Liberia

From helping stop Ebola in its tracks to improving local medical care and restoring faith in health facilities.
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A Health System Ravaged by Ebola

Even before the Ebola epidemic ravaged Liberia in 2014, Liberians faced serious challenges in getting medical care. A civil war that ended in the early 2000s weakened health services and created a deep mistrust in the health system among Liberians.

After the Ebola crisis it was much worse — people saw health facilities as places where family and friends went to die.

Our work in Liberia did not begin or end with the Ebola outbreak. We’ve been in the country since 2003, working to improve the health of people in hard-to-reach places.

Mothers and children in remote areas suffer the most as they struggle to reach life-saving medical care. One-third of children in Liberia are chronically malnourished, making them even more susceptible to disease.

Responding to Infectious Disease Outbreaks 

When the Ebola outbreak spread across Liberia, supporters like you gave generously in an effort to contain it. You enabled us to work with communities to find innovative ways to stop the spread of disease. The hard-fought mission to contain the Ebola virus was the foundation for the work that happened next.

Together, we worked to reduce the chance of another catastrophic epidemic. Your support trained doctors and equipped clinics. You helped strengthen the health system by empowering Community Health Workers to care for their neighbors by spotting infectious diseases and referring people to care. Medical Teams worked with the Government of Liberia to train Community Health Workers to reach people who were far from medical facilities. This community health program reached many people who would be unable to get care on their own and helped rebuild trust in health facilities.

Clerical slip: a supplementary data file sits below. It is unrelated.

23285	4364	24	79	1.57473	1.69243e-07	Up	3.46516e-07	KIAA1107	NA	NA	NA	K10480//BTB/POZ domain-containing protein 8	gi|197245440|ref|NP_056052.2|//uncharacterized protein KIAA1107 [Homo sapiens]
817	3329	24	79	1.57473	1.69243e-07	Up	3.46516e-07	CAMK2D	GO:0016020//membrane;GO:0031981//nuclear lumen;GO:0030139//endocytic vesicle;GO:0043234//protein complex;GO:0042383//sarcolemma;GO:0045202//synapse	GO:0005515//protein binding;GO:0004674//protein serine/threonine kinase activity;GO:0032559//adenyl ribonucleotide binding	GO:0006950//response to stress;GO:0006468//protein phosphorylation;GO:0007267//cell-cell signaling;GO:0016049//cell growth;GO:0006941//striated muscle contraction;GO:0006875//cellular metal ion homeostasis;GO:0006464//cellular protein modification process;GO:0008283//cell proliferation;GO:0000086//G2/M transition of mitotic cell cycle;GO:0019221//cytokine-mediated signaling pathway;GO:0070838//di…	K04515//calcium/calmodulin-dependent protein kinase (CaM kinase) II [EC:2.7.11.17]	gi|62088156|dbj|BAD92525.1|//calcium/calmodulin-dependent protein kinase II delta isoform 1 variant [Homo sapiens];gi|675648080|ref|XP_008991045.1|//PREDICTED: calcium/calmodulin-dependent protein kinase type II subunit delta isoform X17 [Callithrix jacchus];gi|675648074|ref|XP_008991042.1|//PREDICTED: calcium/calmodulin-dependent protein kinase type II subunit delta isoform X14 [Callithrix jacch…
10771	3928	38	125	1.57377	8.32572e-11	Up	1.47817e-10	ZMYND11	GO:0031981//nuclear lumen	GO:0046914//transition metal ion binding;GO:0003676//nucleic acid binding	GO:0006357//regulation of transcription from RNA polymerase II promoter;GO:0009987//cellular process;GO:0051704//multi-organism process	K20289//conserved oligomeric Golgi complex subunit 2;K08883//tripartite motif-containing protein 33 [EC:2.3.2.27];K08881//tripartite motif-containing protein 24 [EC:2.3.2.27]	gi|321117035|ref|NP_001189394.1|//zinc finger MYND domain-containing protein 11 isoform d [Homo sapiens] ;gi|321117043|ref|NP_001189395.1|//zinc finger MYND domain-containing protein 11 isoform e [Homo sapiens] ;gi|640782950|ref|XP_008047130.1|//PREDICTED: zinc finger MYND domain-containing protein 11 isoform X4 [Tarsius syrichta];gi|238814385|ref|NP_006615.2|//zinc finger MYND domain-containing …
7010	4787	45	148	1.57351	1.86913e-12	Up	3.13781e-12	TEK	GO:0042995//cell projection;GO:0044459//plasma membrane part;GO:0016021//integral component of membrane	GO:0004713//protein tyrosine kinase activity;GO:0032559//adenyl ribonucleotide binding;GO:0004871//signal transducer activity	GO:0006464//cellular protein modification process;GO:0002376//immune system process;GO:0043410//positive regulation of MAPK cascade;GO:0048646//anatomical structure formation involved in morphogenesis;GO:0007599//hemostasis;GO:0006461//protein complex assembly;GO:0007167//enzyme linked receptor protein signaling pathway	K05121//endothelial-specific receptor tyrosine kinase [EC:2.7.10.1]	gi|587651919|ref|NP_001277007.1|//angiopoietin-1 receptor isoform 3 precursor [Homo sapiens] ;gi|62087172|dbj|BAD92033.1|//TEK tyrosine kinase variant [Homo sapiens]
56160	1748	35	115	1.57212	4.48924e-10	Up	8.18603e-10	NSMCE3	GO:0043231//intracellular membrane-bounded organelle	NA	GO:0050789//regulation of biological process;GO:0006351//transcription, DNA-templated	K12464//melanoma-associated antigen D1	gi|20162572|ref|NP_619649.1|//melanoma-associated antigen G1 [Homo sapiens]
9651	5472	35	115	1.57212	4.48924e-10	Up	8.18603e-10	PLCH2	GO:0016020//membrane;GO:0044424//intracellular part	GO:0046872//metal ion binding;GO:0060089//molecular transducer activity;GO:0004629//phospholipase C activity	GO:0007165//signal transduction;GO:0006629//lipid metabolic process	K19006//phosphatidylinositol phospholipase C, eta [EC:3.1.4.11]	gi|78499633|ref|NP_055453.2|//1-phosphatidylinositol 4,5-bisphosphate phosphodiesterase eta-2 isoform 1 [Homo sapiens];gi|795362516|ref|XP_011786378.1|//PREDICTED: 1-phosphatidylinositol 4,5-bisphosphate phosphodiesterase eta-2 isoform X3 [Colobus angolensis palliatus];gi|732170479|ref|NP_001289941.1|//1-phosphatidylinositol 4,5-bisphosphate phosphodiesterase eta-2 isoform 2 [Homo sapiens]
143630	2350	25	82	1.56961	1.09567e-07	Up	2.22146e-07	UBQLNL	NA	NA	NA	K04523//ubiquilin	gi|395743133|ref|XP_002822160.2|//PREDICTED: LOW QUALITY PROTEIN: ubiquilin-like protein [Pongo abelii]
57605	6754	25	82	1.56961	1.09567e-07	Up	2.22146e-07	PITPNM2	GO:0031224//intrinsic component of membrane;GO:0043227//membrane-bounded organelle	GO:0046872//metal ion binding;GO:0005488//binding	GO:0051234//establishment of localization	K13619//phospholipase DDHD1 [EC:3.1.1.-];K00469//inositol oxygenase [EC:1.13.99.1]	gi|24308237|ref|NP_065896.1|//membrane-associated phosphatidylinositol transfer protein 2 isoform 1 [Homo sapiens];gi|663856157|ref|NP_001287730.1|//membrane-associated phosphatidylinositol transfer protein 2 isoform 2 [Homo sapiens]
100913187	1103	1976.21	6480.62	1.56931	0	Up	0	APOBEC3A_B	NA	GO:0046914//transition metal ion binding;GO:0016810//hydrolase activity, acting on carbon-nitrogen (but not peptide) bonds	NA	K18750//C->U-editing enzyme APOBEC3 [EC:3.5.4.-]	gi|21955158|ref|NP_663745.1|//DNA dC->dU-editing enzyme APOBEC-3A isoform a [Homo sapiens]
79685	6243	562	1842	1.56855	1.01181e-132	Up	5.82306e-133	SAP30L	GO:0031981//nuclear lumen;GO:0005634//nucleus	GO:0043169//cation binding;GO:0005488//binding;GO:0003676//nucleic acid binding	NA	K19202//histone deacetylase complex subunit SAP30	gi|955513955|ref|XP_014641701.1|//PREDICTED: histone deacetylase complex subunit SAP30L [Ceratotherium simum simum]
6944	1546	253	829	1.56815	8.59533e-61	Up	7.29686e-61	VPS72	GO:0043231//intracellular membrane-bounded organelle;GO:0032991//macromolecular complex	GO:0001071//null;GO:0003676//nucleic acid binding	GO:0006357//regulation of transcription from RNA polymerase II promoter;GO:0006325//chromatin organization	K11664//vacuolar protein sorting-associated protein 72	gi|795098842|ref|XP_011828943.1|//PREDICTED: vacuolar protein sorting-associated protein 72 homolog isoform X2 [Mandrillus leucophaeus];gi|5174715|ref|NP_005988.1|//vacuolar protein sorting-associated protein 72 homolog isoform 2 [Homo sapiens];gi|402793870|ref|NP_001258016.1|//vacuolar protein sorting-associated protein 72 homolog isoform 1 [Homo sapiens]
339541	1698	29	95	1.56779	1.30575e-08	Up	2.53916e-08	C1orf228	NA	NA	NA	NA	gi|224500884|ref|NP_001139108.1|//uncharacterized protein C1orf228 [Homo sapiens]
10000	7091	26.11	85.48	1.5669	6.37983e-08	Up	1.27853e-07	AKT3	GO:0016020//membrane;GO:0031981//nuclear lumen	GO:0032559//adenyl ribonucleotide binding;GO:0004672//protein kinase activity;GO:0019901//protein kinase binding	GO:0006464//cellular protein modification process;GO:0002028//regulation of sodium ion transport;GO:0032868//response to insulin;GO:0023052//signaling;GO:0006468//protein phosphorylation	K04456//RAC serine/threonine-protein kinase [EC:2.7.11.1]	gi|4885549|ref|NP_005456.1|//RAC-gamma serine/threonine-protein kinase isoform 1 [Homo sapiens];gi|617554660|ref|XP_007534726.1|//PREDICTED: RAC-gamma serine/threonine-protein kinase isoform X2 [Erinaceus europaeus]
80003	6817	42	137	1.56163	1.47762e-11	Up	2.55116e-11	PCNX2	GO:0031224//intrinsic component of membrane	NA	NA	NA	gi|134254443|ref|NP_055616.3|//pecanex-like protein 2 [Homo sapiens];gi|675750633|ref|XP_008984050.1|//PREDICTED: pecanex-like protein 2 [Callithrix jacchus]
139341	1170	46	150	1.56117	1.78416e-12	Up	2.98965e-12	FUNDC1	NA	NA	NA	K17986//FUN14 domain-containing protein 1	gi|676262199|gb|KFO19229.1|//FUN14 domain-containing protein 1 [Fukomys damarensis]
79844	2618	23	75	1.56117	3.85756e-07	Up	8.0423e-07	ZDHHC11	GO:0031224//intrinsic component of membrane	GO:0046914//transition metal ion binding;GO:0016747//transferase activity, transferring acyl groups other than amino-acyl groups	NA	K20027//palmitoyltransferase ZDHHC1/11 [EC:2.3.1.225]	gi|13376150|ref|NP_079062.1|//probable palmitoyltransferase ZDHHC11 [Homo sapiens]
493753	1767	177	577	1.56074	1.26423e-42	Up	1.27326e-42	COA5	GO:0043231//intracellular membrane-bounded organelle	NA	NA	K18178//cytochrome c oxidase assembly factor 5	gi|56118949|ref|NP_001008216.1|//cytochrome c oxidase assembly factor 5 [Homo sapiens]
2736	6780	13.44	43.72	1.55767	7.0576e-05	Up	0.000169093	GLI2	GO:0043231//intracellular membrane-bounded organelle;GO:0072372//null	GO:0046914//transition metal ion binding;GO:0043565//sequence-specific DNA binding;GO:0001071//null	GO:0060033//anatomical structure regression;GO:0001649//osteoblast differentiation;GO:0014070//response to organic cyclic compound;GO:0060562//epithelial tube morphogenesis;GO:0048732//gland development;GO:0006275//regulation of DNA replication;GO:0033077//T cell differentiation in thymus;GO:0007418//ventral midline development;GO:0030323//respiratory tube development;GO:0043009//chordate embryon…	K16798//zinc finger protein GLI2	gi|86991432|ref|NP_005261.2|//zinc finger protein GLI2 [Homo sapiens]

Meeting the Urgent Needs of Mothers and Children

We also focused on treating the most urgent needs of mothers and children. By training Community Health Workers, your support made sure mothers and children in remote areas didn’t fall through the cracks.

Community Health Workers were trained to go home to home, identifying children who were malnourished and mothers who needed prenatal care. Then they help get people to clinics where they received supplemental nutrition, prenatal check-ups and emergency care.

They also provided education to families about good nutrition, breastfeeding, preventing illness, and the importance of prenatal care and delivering in a clinic.

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